Who Is My Neighbor?
I was recently interviewed for a magazine where the writer asked me, “If you had to cite ONE example of how ballroom dancing has impacted your work life, what would that be?” Okay, if you’re a new reader to my blog, you’re probably confused. Yes, I’m a competitive ballroom dancer, and very passionate about it! I can’t even tell you how hard it was to answer this question by narrowing it down to one example!
When Jesus was tested on his knowledge of the scripture and put on the spot by spiritual leaders to answer the important question of “What is the greatest commandment?", Jesus replied with not one commandment but two, “Love the Lord your God with all your heart and with all your soul and with all your mind. This is the first and greatest commandment. And the second is like it: ‘Love your neighbor as yourself. All the Law and the Prophets hang on these two commandments.” -Matthew 22: 34-40
One of the better known parables of Jesus is the story of The Good Samaritan, found in Luke 10:25-37. There were two pivotal questions brought to Jesus by the spiritually educated leaders listening to him that day, and he chose to answer them through this parable. These questions, “What must I do to inherit eternal life?” and “Who is my neighbor?” ties together the commitment of loving God by loving people.
I see this parable lived out every day by my community in Tulsa. A family who has been physically and emotionally beaten and financially robbed by a devastating medical crisis seeking healing and hope in a metro city they are not familiar with, surrounded by strangers. These medical families are not found where most Tulsans visit, but instead are found in a place we rarely go, hospital waiting rooms. Just like the first two people who crossed paths with the injured man in the parable, we can look at these families and pass by them. After all, they are not from Tulsa, so they aren’t like us, they are different. Because of our busy schedules, we really can’t take the time to help them right now.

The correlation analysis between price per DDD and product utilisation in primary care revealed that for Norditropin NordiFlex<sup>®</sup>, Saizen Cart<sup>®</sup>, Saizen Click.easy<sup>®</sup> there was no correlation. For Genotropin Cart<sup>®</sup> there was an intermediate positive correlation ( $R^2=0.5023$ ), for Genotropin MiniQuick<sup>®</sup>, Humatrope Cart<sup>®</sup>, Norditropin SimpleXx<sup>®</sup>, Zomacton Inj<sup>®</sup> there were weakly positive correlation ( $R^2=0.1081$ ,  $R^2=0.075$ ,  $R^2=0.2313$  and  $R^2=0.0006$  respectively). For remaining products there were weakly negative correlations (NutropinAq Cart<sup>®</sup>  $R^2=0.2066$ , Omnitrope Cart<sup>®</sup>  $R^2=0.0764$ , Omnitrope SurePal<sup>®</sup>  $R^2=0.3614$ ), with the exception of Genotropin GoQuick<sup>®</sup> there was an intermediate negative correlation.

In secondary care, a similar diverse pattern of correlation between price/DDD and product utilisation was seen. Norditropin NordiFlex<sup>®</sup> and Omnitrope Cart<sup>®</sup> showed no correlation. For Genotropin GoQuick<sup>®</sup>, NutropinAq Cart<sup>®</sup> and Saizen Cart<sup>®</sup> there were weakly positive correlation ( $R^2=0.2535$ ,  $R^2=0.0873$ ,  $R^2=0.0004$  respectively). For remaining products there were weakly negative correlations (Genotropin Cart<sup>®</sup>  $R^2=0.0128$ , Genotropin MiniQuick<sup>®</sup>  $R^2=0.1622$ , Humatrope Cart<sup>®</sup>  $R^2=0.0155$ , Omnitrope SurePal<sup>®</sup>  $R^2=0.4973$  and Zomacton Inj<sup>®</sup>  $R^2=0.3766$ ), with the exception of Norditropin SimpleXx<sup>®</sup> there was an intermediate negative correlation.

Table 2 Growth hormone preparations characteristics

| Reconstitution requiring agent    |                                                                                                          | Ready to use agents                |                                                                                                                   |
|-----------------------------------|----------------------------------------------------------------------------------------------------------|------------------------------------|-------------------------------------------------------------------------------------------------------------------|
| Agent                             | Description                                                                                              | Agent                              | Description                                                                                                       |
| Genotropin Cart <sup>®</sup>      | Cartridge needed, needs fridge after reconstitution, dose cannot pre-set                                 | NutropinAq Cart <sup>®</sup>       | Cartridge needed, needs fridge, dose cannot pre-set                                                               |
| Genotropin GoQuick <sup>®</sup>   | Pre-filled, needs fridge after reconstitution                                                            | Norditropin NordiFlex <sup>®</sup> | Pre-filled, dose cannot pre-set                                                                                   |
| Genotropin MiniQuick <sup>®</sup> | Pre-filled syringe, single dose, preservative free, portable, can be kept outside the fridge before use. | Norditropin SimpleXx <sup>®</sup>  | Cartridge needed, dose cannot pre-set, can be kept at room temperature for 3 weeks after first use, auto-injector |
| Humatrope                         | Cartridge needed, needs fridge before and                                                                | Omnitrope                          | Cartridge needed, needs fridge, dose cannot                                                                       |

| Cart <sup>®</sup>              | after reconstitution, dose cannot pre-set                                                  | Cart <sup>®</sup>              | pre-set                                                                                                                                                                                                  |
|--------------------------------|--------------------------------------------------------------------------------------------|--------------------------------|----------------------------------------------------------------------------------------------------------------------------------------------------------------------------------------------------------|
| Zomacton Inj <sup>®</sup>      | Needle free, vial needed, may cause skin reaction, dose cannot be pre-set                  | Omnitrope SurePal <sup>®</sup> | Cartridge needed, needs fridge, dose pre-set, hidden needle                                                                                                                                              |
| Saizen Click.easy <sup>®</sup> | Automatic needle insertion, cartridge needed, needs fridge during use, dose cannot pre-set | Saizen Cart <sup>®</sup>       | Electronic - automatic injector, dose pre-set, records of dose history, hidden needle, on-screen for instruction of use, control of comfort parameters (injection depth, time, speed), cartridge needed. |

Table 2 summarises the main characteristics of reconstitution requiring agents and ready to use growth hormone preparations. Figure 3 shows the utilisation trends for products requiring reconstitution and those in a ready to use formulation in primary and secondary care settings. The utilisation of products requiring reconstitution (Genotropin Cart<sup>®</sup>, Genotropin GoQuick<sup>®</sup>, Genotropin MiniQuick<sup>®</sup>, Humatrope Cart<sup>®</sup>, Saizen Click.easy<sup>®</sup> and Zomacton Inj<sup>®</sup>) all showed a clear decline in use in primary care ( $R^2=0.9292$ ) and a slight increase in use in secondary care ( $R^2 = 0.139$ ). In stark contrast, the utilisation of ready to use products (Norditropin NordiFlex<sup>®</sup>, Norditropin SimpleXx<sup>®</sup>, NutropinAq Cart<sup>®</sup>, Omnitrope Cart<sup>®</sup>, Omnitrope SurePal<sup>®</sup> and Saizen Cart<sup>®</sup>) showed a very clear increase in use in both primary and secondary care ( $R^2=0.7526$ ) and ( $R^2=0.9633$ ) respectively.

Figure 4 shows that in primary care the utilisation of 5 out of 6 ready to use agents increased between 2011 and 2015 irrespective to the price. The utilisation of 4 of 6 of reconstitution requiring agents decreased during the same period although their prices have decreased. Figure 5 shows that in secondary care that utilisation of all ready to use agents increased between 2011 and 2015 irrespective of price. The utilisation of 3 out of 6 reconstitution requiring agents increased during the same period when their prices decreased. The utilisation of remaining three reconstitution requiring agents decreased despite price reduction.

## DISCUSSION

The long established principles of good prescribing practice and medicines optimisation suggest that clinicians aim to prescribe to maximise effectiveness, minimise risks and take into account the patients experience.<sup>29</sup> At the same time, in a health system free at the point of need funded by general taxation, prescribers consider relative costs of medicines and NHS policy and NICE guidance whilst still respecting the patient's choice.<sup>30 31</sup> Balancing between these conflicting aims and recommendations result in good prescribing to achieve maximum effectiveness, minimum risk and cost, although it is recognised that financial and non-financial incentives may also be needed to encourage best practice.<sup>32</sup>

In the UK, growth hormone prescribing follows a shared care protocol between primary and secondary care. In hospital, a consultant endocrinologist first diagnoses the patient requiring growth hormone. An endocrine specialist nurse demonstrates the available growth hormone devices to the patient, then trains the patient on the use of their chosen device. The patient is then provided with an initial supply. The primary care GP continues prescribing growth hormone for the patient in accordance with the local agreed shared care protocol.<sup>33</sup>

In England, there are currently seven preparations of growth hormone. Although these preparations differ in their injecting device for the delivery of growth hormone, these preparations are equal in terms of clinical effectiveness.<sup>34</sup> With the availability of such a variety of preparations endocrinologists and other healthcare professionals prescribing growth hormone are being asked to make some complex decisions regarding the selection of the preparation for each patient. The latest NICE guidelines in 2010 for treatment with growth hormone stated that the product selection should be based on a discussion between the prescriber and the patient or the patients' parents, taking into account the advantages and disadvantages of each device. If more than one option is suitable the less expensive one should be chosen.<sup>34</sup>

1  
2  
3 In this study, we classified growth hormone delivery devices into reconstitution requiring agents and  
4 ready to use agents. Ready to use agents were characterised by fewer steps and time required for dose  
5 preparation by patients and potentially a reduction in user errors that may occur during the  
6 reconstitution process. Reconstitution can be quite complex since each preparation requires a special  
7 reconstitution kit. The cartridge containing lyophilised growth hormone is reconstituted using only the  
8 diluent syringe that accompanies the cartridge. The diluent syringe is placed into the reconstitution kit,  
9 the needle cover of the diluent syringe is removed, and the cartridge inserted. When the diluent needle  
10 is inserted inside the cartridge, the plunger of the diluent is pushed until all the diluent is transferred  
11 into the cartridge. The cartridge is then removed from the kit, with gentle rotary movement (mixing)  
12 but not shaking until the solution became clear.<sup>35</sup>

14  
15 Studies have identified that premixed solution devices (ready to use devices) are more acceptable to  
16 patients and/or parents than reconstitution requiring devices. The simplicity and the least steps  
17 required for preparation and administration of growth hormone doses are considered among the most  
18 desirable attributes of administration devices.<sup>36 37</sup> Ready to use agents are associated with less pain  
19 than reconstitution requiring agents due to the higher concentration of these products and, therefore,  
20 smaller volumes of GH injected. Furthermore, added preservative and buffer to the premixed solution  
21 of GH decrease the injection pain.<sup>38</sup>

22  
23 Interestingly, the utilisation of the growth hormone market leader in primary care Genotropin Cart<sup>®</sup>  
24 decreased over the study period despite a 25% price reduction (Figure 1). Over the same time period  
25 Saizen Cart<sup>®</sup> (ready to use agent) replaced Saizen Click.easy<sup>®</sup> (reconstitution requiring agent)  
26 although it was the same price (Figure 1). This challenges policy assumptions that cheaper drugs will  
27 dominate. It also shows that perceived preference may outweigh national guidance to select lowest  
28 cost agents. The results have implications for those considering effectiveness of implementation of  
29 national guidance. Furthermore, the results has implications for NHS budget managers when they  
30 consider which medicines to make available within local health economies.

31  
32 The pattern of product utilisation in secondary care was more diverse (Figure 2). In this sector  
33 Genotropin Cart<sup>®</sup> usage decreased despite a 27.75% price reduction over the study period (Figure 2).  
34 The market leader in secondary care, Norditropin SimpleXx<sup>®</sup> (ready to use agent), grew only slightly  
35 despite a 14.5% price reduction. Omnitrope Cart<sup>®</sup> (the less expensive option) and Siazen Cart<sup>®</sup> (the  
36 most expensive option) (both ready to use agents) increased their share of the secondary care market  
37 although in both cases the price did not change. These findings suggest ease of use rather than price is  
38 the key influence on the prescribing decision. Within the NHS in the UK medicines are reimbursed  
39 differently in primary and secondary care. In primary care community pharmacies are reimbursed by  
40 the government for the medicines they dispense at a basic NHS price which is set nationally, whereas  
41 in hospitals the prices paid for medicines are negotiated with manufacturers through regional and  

But instead of accepting those excuses, I see a community who has taken the time to bring them to a place where they can rest, find hope, and support their hospitalized patient. In doing so, they have also rescued them from the financial burden associated with a medical crisis away from home. These donors provide comfortable lodging, meals, clean laundry, transportation, and prayer support. But how do they do all this? They followed the example in this parable. They send the families to the inn keeper, or in this case, The Hospitality House of Tulsa, where the staff and volunteers lovingly care for these medical families. And who are these amazing donors? We call them Care Keepers. Why? Because they also follow the example in the parable by donating the funds needed to care for the devastated traveler, with a continued commitment to come back and give again and again each month to help further.
Jesus concluded his parable with another important question, “Which of these three, do you think, proved to be a neighbor to the man who fell among the robbers?” He said, “The one who showed him mercy.” And Jesus said to him, “You go, and do likewise.”
If you would like to join us in showing Biblical hospitality to strangers and become a Care Keeper or volunteer at the Hospitality House, visit us at: www.HHTulsa.org or call 918-794-0088 x 202.